Things were beginning to look a little bleak for Pitt fans on Saturday against Penn State. Up by only three and the opponent driving, this was a familiar sight to just about everyone.
Further cementing that notion was a previously dropped pass for what would have been a touchdown. Penn State was moving the ball and gotten out of a major jam on a 4th and 16 with a completion. Already in range for a long field goal attempt, Penn State decided to go long again from Pitt’s 31-yard line.
The pass, however, was intercepted by senior cornerback Ryan Lewis and that effectively ended the game.
So what goes through a player’s mind like that when making such a special play?
“I saw it and just knew I had to make a play,” Lewis said. “The only thing I had to keep in mind was to stay in bounds. As soon as I caught that ball, the crowd started erupting, I didn’t even know where I was, but my teammates were on me and I knew right there and then, it was over.”
The game was so back and forth and fans were obviously a bit nervous in the crowd. Fortunately, those nerves didn’t extend to the Pitt bench. Lewis explained, “We were never really nervous, we just knew we had to make a play.”
One thing you may not have noticed was that safety Jordan Whitehead was potentially in position to make the pick. Fortunately, he backed off and allowed Lewis to make the sure play.
“I looked over and I see two receivers and I thought I was going to intercept it,” Whitehead said. “I look back and see Ryan [Lewis] so I didn’t jump and I let him get it. It was a great interception.”
I thought it was really special to see Lewis make that play. As I wrote earlier, Pitt fans had all but buried him in training camp, expecting that Damar Hamlin would have worked his way into the starting lineup by now. To see him redeemed on some level while Hamlin battles through an undisclosed injury is incredible.
While fans may have been concerned about him starting, Whitehead said the players believed in him. “Everybody had faith in him,” he said.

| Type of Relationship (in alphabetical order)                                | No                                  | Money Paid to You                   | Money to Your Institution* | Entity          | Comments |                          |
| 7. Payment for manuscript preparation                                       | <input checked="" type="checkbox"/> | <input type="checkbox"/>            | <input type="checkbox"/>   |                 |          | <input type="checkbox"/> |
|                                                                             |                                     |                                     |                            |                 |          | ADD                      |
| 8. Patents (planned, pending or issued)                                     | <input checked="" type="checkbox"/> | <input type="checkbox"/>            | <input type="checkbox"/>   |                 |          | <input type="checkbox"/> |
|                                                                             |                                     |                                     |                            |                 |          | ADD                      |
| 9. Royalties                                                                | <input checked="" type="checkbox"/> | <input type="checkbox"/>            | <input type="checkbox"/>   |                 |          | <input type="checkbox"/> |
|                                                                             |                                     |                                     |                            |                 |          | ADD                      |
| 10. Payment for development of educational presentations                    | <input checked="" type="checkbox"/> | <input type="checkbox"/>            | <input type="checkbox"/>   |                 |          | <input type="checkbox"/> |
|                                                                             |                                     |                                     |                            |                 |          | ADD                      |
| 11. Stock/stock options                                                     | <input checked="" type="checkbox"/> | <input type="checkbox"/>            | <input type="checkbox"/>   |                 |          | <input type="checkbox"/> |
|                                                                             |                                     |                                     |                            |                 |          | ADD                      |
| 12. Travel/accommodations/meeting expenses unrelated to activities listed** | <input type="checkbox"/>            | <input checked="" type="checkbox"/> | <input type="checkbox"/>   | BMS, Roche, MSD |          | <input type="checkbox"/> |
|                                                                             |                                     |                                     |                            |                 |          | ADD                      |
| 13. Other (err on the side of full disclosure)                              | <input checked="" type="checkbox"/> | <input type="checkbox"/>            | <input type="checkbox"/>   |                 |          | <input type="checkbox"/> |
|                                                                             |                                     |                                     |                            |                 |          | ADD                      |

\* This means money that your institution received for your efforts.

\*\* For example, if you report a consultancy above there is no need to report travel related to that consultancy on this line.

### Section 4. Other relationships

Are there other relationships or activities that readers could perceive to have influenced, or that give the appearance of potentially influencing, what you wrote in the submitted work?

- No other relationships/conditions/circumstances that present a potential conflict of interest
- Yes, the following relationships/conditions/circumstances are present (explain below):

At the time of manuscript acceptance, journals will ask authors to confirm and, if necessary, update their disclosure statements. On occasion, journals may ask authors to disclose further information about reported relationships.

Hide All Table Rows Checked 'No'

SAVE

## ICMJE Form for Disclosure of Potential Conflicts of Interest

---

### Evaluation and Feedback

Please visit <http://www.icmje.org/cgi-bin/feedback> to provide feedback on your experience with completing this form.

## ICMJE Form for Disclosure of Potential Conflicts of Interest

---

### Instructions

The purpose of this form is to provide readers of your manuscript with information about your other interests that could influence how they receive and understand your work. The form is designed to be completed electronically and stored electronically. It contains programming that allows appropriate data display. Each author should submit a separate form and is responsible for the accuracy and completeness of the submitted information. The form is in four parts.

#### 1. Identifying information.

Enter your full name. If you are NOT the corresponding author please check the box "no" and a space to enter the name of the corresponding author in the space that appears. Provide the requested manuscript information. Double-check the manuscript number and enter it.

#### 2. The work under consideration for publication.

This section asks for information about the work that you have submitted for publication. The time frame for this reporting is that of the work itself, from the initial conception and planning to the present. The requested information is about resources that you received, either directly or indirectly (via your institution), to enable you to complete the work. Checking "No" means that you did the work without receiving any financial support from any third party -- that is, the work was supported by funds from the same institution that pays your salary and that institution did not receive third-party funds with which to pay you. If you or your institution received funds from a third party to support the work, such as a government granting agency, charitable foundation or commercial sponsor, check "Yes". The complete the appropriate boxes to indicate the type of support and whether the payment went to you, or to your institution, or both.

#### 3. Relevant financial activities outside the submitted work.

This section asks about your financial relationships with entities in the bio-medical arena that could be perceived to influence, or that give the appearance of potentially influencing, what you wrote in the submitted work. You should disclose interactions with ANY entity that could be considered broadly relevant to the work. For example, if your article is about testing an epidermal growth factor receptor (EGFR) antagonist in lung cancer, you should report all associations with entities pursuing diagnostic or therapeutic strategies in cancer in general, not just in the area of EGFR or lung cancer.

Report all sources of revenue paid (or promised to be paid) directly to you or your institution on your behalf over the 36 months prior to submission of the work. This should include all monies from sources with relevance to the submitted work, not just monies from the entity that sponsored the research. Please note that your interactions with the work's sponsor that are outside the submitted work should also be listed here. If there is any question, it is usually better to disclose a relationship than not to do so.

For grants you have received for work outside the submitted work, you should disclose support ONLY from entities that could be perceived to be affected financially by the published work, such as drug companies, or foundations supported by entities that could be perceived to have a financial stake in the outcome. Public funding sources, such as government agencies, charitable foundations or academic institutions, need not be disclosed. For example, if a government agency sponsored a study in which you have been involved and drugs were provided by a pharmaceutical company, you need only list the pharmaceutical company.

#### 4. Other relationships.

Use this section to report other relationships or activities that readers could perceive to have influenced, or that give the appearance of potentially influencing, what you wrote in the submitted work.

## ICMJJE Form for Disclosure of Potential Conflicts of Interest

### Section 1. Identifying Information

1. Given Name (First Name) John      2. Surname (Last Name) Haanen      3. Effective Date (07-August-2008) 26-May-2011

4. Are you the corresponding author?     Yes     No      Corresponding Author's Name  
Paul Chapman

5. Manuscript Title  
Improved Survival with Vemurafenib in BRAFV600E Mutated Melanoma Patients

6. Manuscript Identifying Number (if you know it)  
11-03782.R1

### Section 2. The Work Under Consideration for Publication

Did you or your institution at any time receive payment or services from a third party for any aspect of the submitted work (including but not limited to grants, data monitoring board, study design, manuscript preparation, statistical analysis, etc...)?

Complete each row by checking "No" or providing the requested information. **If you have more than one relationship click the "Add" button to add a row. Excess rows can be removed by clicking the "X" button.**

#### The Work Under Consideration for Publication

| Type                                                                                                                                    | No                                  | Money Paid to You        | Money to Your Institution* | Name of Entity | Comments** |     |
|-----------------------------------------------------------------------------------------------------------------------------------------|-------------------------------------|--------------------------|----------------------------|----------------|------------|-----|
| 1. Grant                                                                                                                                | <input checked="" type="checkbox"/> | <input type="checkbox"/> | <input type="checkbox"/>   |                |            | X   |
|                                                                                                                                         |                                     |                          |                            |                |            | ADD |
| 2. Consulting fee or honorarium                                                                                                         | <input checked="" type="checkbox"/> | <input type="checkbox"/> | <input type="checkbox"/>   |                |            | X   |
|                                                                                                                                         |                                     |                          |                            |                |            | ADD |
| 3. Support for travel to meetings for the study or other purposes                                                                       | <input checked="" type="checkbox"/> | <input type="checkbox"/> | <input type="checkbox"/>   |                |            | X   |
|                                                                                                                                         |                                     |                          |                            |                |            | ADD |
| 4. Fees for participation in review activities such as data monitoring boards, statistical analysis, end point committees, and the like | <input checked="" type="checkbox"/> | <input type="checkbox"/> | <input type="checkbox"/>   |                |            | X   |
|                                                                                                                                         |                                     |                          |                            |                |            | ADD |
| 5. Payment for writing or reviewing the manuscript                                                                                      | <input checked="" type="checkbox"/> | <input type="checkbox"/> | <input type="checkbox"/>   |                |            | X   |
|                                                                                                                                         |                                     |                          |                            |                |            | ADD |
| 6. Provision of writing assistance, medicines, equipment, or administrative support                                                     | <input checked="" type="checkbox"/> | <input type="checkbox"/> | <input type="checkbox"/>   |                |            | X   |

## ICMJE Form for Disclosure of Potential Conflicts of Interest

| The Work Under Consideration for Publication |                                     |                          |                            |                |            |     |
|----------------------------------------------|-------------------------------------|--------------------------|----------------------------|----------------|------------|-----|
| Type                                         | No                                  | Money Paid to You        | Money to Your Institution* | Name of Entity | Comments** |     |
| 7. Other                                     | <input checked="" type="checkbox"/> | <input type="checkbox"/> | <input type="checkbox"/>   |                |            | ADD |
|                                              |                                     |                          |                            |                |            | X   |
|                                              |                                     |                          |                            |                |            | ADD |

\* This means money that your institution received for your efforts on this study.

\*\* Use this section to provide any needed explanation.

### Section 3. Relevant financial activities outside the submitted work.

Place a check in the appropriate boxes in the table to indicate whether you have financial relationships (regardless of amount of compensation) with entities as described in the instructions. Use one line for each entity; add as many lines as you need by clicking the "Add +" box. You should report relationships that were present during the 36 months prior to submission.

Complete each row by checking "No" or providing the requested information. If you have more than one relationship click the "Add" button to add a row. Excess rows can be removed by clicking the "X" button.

There was a lot of talk about Penn State taking that shot too early. Maybe. But the Nittany Lions also had some problems fumbling the ball and were previously successful on a deeper passing route on that 4th and 16 play. Furthermore, the long pass to receiver DaeSean Hamilton was nearly complete as he broke free and was wide open. Earlier, Pitt had been beaten on another long pass play. Tough call, I suppose, but Penn State was at least having some success with the deep ball so I understood it.
FWIW, head coach James Franklin said after the game that there was some miscommunication in what should have happened.
“We ran a wrong route,” said the head coach. “We had some guys on the field that aren’t typically on the field and we ran a wrong route. Obviously we can’t throw the ball up where we threw it. We have to put it in a position where our guy can make a play or get another down.”
Franklin, too, was bothered by the receivers not trying to break up the pass play.
“Another thing is, when the ball is in the air and you see it’s going to be intercepted,” he added, “you’ve got to go break it up. You’ve got to go fight like heck. Even if you get a pass interference on offense, you have to do whatever you can to break it up. So on that play we ran the wrong route, and then we didn’t go fight to break up the interception.”
Up 28-7 and then being in position to lose seems like it would be hard to stomach. But Pitt’s players never folded and realized that swings happen.
“That’s football, the highs and lows,” recalled Lewis. “We knew we were going to come back and that we kept our composure, and in the end it paid off.”